Washington, D.C. – U.S. Senator Mike Enzi, R-Wyo., Ranking Member of the Senate Health, Education, Labor and Pensions (HELP) Committee, today issued the following statement on Thursday’s White House summit on health care reform:
“Like most Americans, I agree that our health care system needs reform. I am looking forward to meeting with President Obama and my Congressional colleagues this week. There are serious problems in our health care system. Costs are too high and insurance is unaffordable for too many Americans. But none of these problems will be solved without a responsible, bipartisan bill, and that’s why I’m sitting down with the President on Thursday.
“It disappoints me to hear that initial reports are that the White House and Congressional leaders still do not seem to be listening to the American people who want us to start over and fix health care step by step, starting with reining in rising costs. Let’s focus on a couple of these ideas, get them done, then move on to the next step. We can’t swallow the apple whole, which is what the majority’s recent bills have attempted to do. We have to chew on it bite by bite. Since most changes in health care reform don't start for four years - even though new taxes will start right away - we can beat the time by doing significant piece after significant piece.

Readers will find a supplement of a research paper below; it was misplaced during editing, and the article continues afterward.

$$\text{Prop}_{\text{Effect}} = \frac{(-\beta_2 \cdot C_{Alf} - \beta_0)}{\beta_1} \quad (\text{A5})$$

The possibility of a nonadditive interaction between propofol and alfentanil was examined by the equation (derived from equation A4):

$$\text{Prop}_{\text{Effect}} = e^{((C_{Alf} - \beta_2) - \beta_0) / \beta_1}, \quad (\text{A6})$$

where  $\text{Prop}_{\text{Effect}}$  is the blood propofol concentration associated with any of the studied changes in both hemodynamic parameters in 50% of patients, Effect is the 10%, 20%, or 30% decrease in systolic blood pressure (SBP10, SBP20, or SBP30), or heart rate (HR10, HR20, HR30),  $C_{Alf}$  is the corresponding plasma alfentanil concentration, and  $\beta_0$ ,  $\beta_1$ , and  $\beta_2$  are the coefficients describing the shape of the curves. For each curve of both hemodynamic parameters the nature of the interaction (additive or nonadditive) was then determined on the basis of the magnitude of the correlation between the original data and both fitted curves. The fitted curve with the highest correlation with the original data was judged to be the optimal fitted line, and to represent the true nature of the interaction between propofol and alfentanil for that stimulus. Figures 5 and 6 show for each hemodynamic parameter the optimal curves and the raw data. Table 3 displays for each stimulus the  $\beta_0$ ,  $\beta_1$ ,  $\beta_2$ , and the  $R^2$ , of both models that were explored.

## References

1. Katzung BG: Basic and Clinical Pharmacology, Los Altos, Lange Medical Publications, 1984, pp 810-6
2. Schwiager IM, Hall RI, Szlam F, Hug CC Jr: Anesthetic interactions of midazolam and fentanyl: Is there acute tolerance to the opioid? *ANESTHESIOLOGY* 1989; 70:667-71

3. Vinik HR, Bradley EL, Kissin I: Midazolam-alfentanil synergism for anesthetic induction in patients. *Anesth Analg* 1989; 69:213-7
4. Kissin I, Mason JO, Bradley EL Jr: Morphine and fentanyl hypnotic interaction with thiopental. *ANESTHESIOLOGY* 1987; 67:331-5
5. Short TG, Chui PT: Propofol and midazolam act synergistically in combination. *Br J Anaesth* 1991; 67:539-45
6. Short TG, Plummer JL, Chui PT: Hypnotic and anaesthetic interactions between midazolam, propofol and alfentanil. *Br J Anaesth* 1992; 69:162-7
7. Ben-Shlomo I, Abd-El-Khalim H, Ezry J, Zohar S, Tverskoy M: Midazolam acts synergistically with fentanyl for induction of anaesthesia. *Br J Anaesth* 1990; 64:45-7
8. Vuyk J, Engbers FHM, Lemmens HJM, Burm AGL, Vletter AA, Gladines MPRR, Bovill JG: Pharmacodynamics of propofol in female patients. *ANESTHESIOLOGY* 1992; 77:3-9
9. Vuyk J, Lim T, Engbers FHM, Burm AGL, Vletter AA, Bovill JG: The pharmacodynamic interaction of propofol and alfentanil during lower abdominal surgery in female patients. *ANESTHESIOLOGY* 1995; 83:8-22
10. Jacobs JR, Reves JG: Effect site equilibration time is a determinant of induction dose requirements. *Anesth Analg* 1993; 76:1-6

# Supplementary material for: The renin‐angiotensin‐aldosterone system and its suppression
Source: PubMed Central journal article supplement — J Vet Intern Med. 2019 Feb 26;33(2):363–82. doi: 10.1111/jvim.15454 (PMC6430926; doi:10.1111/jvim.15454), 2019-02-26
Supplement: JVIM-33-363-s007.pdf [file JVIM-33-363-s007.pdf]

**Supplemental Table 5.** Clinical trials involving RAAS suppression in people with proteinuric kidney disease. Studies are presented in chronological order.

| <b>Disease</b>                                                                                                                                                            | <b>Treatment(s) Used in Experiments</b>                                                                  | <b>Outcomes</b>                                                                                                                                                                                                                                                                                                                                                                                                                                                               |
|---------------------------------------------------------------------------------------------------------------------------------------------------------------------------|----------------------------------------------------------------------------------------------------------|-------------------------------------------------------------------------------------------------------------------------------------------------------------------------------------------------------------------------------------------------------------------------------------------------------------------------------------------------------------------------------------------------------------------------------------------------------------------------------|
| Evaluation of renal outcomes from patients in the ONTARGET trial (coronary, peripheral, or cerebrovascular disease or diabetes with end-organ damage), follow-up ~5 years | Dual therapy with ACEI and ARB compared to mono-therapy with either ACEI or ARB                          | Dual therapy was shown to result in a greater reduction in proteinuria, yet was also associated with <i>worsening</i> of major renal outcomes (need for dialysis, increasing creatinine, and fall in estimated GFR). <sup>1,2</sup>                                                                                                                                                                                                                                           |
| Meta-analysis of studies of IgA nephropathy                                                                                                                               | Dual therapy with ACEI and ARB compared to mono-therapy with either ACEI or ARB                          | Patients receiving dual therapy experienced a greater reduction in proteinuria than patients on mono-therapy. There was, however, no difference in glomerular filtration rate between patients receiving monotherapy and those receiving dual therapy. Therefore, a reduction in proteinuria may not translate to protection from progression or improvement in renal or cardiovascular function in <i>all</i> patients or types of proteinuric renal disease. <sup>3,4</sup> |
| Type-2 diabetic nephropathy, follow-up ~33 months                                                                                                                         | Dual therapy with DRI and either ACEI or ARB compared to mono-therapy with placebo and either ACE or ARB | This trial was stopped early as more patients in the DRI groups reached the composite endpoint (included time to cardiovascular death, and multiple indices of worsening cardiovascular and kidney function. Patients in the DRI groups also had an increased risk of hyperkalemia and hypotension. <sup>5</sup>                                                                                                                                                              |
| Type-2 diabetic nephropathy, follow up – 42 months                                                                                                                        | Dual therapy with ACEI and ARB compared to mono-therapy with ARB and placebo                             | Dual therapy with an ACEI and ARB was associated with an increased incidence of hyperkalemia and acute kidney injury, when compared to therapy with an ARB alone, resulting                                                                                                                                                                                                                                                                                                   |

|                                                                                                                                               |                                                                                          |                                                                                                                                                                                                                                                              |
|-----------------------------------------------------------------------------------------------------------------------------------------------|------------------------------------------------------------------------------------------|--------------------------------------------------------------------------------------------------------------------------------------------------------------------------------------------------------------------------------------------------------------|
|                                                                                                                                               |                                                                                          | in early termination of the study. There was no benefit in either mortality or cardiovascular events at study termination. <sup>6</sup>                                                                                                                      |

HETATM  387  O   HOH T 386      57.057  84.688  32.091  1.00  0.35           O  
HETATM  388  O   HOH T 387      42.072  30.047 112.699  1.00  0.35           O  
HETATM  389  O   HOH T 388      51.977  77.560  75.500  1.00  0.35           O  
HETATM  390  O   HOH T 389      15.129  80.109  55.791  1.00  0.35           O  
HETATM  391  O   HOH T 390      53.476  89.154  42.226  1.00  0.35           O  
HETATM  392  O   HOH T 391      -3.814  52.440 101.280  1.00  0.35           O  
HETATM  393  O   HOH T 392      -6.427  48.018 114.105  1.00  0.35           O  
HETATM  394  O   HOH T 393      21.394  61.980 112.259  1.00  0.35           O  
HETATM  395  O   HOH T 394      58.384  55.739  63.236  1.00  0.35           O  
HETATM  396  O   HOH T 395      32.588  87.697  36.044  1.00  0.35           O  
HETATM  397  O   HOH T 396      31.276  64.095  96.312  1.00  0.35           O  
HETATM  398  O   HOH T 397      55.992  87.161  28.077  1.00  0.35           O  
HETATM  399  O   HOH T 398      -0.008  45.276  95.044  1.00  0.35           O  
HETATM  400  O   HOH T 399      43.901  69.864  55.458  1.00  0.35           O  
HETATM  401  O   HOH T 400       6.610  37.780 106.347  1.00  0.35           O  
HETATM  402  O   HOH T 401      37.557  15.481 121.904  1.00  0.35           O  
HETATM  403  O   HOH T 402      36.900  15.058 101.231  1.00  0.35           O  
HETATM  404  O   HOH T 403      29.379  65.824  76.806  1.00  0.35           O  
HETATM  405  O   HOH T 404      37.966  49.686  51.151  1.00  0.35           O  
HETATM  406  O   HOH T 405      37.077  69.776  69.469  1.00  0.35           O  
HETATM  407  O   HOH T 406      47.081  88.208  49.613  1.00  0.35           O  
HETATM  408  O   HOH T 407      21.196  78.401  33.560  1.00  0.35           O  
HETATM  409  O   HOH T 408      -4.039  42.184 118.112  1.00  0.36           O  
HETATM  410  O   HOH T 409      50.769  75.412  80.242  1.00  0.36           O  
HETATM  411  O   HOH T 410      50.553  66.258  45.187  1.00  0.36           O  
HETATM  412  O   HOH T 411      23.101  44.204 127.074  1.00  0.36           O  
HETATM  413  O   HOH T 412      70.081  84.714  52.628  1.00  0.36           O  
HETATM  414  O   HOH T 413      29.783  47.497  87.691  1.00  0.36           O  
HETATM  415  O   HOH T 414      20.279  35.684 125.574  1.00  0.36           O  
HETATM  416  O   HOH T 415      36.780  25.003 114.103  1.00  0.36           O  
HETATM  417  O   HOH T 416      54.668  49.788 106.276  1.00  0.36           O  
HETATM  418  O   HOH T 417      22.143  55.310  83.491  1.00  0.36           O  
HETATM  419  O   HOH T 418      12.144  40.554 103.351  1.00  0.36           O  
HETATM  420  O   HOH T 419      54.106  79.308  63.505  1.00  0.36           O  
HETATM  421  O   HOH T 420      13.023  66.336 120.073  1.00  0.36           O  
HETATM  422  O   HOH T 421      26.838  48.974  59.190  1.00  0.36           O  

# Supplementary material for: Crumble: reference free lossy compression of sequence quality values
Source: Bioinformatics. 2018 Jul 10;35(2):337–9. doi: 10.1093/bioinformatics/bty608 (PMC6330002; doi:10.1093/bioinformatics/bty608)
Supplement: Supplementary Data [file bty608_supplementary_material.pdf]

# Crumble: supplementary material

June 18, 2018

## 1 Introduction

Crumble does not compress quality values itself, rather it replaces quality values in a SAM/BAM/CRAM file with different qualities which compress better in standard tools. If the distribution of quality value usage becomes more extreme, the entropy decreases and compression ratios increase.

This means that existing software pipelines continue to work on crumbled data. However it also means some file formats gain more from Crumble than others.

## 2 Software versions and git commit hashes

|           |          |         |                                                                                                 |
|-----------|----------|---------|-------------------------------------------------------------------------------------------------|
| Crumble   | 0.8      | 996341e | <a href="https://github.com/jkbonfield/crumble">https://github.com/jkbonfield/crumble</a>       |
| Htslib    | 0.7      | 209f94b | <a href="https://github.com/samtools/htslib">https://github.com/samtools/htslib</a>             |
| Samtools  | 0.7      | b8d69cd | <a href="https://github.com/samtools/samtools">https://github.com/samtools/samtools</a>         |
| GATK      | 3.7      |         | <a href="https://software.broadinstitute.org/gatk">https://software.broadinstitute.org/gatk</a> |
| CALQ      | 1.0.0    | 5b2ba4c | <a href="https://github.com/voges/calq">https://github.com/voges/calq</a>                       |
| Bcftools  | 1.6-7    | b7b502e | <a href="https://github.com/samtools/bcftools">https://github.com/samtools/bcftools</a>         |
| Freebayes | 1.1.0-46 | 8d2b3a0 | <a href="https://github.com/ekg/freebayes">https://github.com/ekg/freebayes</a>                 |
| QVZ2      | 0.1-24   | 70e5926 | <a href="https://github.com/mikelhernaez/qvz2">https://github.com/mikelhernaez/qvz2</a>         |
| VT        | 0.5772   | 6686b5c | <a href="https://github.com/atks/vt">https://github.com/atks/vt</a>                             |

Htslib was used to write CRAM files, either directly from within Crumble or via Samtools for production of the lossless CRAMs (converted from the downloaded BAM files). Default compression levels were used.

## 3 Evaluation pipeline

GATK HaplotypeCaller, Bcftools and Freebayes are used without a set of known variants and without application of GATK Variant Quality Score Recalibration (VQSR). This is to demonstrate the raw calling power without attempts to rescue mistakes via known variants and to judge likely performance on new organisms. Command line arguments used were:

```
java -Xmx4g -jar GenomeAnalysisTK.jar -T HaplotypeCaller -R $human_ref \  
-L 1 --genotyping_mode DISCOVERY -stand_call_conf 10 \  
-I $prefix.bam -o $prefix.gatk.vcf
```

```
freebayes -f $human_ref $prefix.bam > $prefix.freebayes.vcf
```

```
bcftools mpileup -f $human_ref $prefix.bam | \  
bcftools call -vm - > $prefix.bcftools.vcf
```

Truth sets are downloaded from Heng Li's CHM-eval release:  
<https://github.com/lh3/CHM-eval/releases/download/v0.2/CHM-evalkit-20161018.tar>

“The key to bipartisanship is starting in the right place, the same place, and then going step by step forward together. Fixing health care is no different. If the President wants to start with another warmed-over version of the majority’s failed bill, it will be a major disappointment for all Americans.
“We need to get the threat of reconciliation off the table. It’s a process that was meant to keep government spending in check – not provide a back door for Congress to saddle the taxpayers with trillions of dollars in new federal spending and debt that will cost jobs and slow economic growth for generations to come.
“I hope we can talk about sensible, but fundamental changes in health care – changes that will lower costs, get as many folks covered as possible, and lead to more and better choices in health care for everyone.”